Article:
Research shows it boosts velocity by increasing shoulder external rotation, but it will alter shoulder anatomy. Controlled studies have shown athletes have more labrum, TJ surgery and other ailments a year later. I would limit this type of training to athletes over the age of 20 if at all. Proper spinal and pitching mechanics coupled with strength and speed training can net equal or greater results, SAFELY.
•Arm strength needs to be progressively built up. (You would never squat 300 pounds before starting off with lighter weights)
•More emphasis on core and lower half involvement to deliver the power.
•Build the lower traps, rhomboids and rotator cuff muscles using light weights and controlled movements.
•Pre and Post band workouts and conditioning after a pitching performance.
• The ASMI reports that teenage athletes that routinely throw over 80 pitches a game are at a higher risk for injury - growth plates are not fully formed until 16- 18 years old, so less is more until you are more skeletally mature.
Seek out articles from the American Sports Medicine Institute (ASMI) regarding light ball training.
•More than 100+ pitched innings per year for youth and amateurs are more likely for injury.
•120-150 degrees of shoulder abduction are the safest arm angles when throwing.
•36x more likely for an injury when pitching with arm fatigue.
•Averaging 80+ pitches a game – 4x greater risk of injury.
•The more rest days between starts the better.
•Too many max effort pitches, throw change-ups for deception and to limit arm stress!
.•Kids that think they are throwing 50% effort are really at 80%, you can use a radar gun to measure their effort and to prevent overtraining.
•Long toss over 180 feet puts more stress on the elbow. Don’t overthrow from these distances. Max effort long toss has the same effect as max effort pitches. I feel long toss up to 180' helps with weight transfer and arm conditioning.
Growth plates (soft, non cured bone) are 5x weaker than muscles and ligaments. Light and heavy ball training causes more stress on the elbow and is not recommended until 17 or older.
A 140 pound athlete needs 140 grams of protein per day to stay strong and to prevent injuries. Drink Super PowderPre-game. Power Arm RecoveryPost-game. Eat our protein snacks any time.
•Elbow and shoulder injuries have a high correlation with limited hip mobility and strength (A common cause of a sore arm, stretch/ strengthen the HIPS!).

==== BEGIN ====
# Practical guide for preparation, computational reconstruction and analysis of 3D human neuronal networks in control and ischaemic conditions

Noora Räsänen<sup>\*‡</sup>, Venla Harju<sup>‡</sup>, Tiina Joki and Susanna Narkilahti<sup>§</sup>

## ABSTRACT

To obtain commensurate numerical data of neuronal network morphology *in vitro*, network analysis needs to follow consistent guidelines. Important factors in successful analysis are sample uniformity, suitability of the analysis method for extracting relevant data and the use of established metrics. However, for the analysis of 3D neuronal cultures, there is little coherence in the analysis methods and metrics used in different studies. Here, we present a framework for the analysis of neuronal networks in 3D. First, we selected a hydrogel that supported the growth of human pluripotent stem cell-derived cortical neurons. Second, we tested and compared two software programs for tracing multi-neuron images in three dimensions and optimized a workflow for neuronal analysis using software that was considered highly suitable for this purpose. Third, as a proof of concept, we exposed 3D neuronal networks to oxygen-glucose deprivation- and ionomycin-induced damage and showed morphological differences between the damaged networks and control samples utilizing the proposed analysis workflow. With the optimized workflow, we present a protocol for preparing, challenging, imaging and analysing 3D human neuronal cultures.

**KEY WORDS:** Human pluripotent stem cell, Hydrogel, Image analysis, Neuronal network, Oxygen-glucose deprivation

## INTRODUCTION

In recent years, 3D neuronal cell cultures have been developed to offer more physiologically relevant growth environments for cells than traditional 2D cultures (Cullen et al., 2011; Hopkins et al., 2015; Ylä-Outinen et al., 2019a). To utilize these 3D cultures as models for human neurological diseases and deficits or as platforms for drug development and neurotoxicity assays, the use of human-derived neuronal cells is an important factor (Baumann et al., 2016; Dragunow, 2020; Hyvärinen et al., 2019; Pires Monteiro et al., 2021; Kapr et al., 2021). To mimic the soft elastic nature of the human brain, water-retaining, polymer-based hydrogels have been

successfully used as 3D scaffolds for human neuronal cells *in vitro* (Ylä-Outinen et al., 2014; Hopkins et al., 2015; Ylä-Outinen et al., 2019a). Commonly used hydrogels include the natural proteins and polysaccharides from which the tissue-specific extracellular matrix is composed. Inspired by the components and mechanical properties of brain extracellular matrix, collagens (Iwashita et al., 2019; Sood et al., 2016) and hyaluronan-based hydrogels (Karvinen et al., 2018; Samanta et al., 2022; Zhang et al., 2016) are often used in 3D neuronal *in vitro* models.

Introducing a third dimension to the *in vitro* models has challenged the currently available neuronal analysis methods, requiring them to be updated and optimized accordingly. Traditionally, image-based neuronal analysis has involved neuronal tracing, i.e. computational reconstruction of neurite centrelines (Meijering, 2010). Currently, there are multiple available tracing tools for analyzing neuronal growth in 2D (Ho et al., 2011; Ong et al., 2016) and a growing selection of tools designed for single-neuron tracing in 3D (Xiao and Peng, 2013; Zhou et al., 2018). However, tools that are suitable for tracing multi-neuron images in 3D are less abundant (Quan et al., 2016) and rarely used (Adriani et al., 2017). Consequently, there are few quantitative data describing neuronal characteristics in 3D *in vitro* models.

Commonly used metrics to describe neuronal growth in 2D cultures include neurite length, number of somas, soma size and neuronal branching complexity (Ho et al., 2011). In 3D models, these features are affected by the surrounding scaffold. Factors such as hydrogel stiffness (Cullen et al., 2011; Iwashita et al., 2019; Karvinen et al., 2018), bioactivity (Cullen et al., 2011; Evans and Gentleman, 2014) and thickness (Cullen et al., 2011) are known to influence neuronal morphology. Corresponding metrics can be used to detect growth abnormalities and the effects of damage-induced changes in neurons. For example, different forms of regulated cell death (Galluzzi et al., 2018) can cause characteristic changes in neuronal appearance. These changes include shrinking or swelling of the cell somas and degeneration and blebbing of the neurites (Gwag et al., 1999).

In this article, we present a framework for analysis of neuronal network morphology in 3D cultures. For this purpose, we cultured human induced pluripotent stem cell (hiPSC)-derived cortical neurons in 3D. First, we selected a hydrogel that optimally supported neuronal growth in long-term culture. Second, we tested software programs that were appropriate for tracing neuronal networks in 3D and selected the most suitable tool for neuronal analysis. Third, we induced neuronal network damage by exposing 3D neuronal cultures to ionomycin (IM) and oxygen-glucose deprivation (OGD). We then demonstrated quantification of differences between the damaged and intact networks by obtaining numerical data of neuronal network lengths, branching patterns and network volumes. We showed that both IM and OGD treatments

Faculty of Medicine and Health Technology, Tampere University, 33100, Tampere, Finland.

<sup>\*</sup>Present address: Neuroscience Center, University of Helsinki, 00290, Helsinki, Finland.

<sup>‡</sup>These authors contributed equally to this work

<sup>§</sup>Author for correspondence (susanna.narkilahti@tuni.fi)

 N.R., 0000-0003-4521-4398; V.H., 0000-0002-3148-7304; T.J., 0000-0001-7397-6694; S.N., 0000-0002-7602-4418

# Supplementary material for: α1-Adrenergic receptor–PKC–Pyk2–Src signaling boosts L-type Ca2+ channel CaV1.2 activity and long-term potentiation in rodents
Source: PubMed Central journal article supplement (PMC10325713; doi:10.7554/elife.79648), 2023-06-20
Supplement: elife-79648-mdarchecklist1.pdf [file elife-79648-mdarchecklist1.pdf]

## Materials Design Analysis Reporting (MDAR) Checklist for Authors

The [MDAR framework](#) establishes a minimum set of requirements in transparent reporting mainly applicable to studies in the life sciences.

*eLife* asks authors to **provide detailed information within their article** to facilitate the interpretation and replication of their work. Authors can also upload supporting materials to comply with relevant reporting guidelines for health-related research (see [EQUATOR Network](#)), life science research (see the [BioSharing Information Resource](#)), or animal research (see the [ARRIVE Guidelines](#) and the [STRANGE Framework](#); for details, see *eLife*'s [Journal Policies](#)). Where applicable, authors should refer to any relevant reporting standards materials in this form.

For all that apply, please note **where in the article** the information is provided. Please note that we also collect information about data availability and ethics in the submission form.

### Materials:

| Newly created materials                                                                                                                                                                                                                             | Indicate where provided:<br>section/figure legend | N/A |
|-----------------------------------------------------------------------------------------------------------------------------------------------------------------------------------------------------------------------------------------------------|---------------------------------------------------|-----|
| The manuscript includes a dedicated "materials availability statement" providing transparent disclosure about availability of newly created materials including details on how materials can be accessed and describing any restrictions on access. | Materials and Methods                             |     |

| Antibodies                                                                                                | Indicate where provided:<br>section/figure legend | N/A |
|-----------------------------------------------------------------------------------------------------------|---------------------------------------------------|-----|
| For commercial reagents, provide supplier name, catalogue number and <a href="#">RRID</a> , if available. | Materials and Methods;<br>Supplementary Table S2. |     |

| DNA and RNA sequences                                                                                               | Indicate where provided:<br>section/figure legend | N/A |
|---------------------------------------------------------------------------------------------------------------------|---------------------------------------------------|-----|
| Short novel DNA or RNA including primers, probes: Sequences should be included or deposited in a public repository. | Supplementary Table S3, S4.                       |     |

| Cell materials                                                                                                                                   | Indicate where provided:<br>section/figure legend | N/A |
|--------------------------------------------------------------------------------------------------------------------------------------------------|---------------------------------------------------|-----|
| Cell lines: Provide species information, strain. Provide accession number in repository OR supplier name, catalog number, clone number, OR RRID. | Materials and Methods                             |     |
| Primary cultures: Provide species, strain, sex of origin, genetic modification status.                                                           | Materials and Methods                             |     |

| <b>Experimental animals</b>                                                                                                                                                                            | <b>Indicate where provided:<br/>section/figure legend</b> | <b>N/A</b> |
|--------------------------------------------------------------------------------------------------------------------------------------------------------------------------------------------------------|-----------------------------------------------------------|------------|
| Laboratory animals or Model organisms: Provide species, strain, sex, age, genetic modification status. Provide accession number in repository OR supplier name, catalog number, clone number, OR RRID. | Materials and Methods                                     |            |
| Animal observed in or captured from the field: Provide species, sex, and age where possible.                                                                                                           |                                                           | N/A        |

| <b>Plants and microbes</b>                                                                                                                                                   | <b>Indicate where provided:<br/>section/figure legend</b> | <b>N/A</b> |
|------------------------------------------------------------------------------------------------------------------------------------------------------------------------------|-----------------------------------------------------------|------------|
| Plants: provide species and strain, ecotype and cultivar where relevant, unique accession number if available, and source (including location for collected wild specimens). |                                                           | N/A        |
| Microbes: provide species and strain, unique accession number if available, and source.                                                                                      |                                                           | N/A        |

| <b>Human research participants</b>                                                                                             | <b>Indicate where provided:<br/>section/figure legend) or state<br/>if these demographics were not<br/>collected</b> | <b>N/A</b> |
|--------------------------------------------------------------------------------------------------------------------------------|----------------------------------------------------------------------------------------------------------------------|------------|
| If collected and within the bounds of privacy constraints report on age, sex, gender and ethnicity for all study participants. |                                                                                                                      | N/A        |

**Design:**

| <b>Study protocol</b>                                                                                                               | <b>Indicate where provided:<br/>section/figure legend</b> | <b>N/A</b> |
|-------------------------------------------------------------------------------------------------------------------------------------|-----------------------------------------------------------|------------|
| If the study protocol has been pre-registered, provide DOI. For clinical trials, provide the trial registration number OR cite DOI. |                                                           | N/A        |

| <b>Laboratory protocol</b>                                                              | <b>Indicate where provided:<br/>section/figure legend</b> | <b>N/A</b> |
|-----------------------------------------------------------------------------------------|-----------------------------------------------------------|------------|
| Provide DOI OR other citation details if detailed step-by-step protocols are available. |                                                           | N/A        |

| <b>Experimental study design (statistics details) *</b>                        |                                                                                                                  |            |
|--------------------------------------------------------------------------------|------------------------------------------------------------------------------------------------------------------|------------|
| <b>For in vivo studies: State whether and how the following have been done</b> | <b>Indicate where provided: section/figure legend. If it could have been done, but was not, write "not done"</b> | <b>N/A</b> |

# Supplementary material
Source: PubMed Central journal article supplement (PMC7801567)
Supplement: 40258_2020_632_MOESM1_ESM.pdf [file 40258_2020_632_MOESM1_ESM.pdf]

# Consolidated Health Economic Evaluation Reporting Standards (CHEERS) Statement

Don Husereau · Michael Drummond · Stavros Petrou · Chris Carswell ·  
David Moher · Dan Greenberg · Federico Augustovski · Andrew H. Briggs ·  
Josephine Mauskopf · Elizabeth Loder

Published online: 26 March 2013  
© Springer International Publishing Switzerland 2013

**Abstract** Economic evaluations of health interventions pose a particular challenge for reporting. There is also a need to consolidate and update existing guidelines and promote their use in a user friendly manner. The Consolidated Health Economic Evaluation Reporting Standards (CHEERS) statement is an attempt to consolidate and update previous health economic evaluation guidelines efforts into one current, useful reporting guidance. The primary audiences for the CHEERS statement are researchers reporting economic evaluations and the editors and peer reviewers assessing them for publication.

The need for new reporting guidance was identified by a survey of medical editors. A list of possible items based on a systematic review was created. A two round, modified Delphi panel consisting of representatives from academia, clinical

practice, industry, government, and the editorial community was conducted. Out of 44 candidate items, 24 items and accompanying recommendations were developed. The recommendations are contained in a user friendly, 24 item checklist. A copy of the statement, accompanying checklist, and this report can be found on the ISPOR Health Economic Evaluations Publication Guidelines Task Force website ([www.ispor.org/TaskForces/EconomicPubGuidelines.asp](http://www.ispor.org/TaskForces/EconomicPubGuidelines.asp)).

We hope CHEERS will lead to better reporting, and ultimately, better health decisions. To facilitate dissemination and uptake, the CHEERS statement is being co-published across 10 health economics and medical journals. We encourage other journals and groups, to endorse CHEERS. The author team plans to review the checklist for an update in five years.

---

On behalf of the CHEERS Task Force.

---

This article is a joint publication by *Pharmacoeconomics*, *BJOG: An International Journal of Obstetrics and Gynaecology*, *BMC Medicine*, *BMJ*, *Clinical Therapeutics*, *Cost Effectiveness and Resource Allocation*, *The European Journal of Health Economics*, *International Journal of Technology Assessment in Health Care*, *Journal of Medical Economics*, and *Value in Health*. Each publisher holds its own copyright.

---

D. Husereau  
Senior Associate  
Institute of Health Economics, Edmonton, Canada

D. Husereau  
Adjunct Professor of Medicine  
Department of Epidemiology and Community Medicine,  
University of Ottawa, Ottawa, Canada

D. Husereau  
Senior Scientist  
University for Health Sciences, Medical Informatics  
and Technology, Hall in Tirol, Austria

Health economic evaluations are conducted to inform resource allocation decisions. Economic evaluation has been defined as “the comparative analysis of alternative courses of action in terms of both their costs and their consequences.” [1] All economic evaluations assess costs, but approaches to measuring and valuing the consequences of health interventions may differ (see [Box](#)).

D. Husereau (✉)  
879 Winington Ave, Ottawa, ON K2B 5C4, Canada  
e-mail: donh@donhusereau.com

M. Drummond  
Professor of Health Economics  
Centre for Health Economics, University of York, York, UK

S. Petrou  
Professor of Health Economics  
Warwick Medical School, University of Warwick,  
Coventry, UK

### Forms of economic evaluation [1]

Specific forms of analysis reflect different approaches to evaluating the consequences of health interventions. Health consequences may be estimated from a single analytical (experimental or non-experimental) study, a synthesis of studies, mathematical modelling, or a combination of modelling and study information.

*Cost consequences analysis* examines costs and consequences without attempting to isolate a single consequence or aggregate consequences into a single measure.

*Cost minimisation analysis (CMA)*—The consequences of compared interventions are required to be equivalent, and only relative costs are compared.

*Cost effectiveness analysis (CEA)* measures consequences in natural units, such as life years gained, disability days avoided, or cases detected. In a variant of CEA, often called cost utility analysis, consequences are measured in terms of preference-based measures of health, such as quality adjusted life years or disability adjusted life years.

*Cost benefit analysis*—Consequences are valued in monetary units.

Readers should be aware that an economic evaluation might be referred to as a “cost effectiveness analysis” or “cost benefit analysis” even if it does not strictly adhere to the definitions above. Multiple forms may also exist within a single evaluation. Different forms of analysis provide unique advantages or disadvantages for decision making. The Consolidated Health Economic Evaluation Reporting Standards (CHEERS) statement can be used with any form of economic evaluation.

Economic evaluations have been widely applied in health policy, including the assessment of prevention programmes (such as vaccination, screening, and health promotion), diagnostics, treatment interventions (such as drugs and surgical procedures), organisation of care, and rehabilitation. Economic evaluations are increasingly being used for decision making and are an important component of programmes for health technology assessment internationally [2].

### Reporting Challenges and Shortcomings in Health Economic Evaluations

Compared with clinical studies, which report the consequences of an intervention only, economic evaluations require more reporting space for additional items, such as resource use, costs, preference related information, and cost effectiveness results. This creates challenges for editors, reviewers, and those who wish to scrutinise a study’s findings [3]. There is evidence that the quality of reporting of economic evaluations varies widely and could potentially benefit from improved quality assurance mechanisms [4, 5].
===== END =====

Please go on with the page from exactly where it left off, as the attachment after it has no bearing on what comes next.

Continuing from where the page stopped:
•Pitchers with weak posterior chain muscles (decelerators) are 80% more likely for injury (perform the iron scap protocol from crossover symmetry.)
•Early trunk rotation causes early elbow extension and pain.
•Thoracic extension, neck and shoulder flexibility are an essential part of the kinetic chain
•Take 3 months away from the sport
•Do body weight exercises for kids 14 and under and it’s never too early to start
•Elite pitchers are explosive, and have great 10 yard dash times and grip strength
•Elite hitters have strong back muscles.
Sources: American Sports Medicine Institute (AMSI)
Pro Baseball Chiropractic Society (PBCS)
2 way players BEWARE
A recent HS pitcher threw 86-90 mph on a Tuesday with a 103 pitch count. He played right field on Thursday in 35 degree weather and I happened to be at the game. The game was close and he threw a runner out at home and was immediately taken out of the game. The next 4 starts his velocity was down, gave up many runs per game with over 10 different D-1 schools scouting him. All the years of hard work may be wasted because of one high leverage throw in 35 degree weather while playing with improper arm rest. My HS teammate, Frank Menechino, threw over 90 mph from the mound but his dad never allowed him to pitch because of his fear of the increased workload. All of my teammates and myself did not like it but his dad was right. He played at the University of Alabama as a SS, in the minor leagues for 6 years, and in the MLB for 7 years as a middle infielder. He is currently the Miami Marlins hitting coach. I believe baseball players can have an opportunity to play 2 way in the right environment. A coach or parent should teach every player proper throwing mechanics from the FIELD and the MOUND. This will spread the pitching workload so all PLAYERS can enjoy playing the field and have the ability to pitch in limited roles until college. Inter-squad scrimmage games at practice are a great way to benefit both pitchers and hitters with more reps. This can ease any position player into pitching on the mound prior to real game experience. Basic throwing concepts include front shoulder closed, back hip internal rotation and entire body mass headed to the target. Early shoulder opening and/or body mass pull-off will stress the shoulder and elbow resulting in UCL and labrum tears and more... The recent study done by Kibler et al. found 49% of athletes with a surgically repaired shoulder labrum had limited internal hip rotation. Stretching and strengthening the entire kinetic chain in essential to limiting injuries. The workout below can assist most athletes but a good strength and conditioning coach is even better.